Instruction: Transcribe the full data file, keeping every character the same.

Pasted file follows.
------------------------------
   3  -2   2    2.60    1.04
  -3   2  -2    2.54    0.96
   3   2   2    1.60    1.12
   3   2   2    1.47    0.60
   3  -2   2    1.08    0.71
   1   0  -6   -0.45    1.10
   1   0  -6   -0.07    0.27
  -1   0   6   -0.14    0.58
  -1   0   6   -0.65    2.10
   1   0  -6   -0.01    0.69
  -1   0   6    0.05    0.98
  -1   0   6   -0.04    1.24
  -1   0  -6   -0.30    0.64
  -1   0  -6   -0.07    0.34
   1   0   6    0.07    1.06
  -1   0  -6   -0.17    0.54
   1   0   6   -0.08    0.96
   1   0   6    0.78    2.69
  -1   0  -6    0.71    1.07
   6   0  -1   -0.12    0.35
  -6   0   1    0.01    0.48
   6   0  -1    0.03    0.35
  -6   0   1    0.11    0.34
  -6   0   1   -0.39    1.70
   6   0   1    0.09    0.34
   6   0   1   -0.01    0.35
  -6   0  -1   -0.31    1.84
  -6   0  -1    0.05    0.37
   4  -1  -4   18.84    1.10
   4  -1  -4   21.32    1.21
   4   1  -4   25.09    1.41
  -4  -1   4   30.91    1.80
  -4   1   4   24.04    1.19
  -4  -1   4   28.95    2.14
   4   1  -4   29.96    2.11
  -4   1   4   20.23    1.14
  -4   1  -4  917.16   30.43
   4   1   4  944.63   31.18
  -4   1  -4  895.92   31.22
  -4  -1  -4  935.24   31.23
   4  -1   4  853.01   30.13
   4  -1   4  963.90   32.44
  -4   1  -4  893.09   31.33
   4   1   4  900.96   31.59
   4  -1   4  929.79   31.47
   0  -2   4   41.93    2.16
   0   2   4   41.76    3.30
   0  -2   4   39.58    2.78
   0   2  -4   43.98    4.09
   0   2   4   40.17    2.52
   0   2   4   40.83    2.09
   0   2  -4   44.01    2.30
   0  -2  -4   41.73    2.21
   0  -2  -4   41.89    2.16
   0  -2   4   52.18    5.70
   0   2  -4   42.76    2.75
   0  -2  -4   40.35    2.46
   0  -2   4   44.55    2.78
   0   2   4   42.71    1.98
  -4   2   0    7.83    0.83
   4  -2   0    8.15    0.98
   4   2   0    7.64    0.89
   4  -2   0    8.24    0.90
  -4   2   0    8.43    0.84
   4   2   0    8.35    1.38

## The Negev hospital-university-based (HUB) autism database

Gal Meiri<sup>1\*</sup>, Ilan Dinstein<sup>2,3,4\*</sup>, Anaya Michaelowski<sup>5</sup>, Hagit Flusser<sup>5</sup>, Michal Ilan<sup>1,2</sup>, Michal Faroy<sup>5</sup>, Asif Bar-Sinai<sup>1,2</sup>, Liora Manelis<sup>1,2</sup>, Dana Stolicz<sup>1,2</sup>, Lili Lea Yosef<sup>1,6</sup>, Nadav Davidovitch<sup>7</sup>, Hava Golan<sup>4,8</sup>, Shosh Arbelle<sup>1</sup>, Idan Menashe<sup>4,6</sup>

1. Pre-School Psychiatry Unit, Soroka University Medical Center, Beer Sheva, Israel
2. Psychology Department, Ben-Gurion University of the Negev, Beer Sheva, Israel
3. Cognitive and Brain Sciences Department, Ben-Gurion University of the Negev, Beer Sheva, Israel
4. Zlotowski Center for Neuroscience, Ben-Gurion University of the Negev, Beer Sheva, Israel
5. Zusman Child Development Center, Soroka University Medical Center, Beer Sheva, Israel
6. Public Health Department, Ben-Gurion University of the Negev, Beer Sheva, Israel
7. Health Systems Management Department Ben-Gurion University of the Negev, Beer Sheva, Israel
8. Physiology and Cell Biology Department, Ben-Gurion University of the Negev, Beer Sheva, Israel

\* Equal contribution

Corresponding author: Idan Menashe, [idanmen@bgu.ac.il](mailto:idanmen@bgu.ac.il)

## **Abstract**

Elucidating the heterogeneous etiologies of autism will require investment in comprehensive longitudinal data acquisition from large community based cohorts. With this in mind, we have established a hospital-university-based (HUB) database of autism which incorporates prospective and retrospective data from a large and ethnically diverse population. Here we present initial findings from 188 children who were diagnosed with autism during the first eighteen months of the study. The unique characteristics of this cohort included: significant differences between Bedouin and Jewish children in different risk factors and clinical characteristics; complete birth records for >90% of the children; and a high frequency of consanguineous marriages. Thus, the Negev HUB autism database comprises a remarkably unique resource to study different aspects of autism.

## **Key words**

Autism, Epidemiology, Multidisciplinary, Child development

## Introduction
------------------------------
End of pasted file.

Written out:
   3  -2   2    2.60    1.04
  -3   2  -2    2.54    0.96
   3   2   2    1.60    1.12
   3   2   2    1.47    0.60
   3  -2   2    1.08    0.71
   1   0  -6   -0.45    1.10
   1   0  -6   -0.07    0.27
  -1   0   6   -0.14    0.58
  -1   0   6   -0.65    2.10
   1   0  -6   -0.01    0.69
  -1   0   6    0.05    0.98
  -1   0   6   -0.04    1.24
  -1   0  -6   -0.30    0.64
  -1   0  -6   -0.07    0.34
   1   0   6    0.07    1.06
  -1   0  -6   -0.17    0.54
   1   0   6   -0.08    0.96
   1   0   6    0.78    2.69
  -1   0  -6    0.71    1.07
   6   0  -1   -0.12    0.35
  -6   0   1    0.01    0.48
   6   0  -1    0.03    0.35
  -6   0   1    0.11    0.34
  -6   0   1   -0.39    1.70
   6   0   1    0.09    0.34
   6   0   1   -0.01    0.35
  -6   0  -1   -0.31    1.84
  -6   0  -1    0.05    0.37
   4  -1  -4   18.84    1.10
   4  -1  -4   21.32    1.21
   4   1  -4   25.09    1.41
  -4  -1   4   30.91    1.80
  -4   1   4   24.04    1.19
  -4  -1   4   28.95    2.14
   4   1  -4   29.96    2.11
  -4   1   4   20.23    1.14
  -4   1  -4  917.16   30.43
   4   1   4  944.63   31.18
  -4   1  -4  895.92   31.22
  -4  -1  -4  935.24   31.23
   4  -1   4  853.01   30.13
   4  -1   4  963.90   32.44
  -4   1  -4  893.09   31.33
   4   1   4  900.96   31.59
   4  -1   4  929.79   31.47
   0  -2   4   41.93    2.16
   0   2   4   41.76    3.30
   0  -2   4   39.58    2.78
   0   2  -4   43.98    4.09
   0   2   4   40.17    2.52
   0   2   4   40.83    2.09
   0   2  -4   44.01    2.30
   0  -2  -4   41.73    2.21
   0  -2  -4   41.89    2.16
   0  -2   4   52.18    5.70
   0   2  -4   42.76    2.75
   0  -2  -4   40.35    2.46
   0  -2   4   44.55    2.78
   0   2   4   42.71    1.98
  -4   2   0    7.83    0.83
   4  -2   0    8.15    0.98
   4   2   0    7.64    0.89
   4  -2   0    8.24    0.90
  -4   2   0    8.43    0.84
   4   2   0    8.35    1.38

## The Negev hospital-university-based (HUB) autism database

Gal Meiri<sup>1\*</sup>, Ilan Dinstein<sup>2,3,4\*</sup>, Anaya Michaelowski<sup>5</sup>, Hagit Flusser<sup>5</sup>, Michal Ilan<sup>1,2</sup>, Michal Faroy<sup>5</sup>, Asif Bar-Sinai<sup>1,2</sup>, Liora Manelis<sup>1,2</sup>, Dana Stolicz<sup>1,2</sup>, Lili Lea Yosef<sup>1,6</sup>, Nadav Davidovitch<sup>7</sup>, Hava Golan<sup>4,8</sup>, Shosh Arbelle<sup>1</sup>, Idan Menashe<sup>4,6</sup>

1. Pre-School Psychiatry Unit, Soroka University Medical Center, Beer Sheva, Israel
2. Psychology Department, Ben-Gurion University of the Negev, Beer Sheva, Israel
3. Cognitive and Brain Sciences Department, Ben-Gurion University of the Negev, Beer Sheva, Israel
4. Zlotowski Center for Neuroscience, Ben-Gurion University of the Negev, Beer Sheva, Israel
5. Zusman Child Development Center, Soroka University Medical Center, Beer Sheva, Israel
6. Public Health Department, Ben-Gurion University of the Negev, Beer Sheva, Israel
7. Health Systems Management Department Ben-Gurion University of the Negev, Beer Sheva, Israel
8. Physiology and Cell Biology Department, Ben-Gurion University of the Negev, Beer Sheva, Israel

\* Equal contribution

Corresponding author: Idan Menashe, [idanmen@bgu.ac.il](mailto:idanmen@bgu.ac.il)

## **Abstract**

Elucidating the heterogeneous etiologies of autism will require investment in comprehensive longitudinal data acquisition from large community based cohorts. With this in mind, we have established a hospital-university-based (HUB) database of autism which incorporates prospective and retrospective data from a large and ethnically diverse population. Here we present initial findings from 188 children who were diagnosed with autism during the first eighteen months of the study. The unique characteristics of this cohort included: significant differences between Bedouin and Jewish children in different risk factors and clinical characteristics; complete birth records for >90% of the children; and a high frequency of consanguineous marriages. Thus, the Negev HUB autism database comprises a remarkably unique resource to study different aspects of autism.

## **Key words**

Autism, Epidemiology, Multidisciplinary, Child development

## Introduction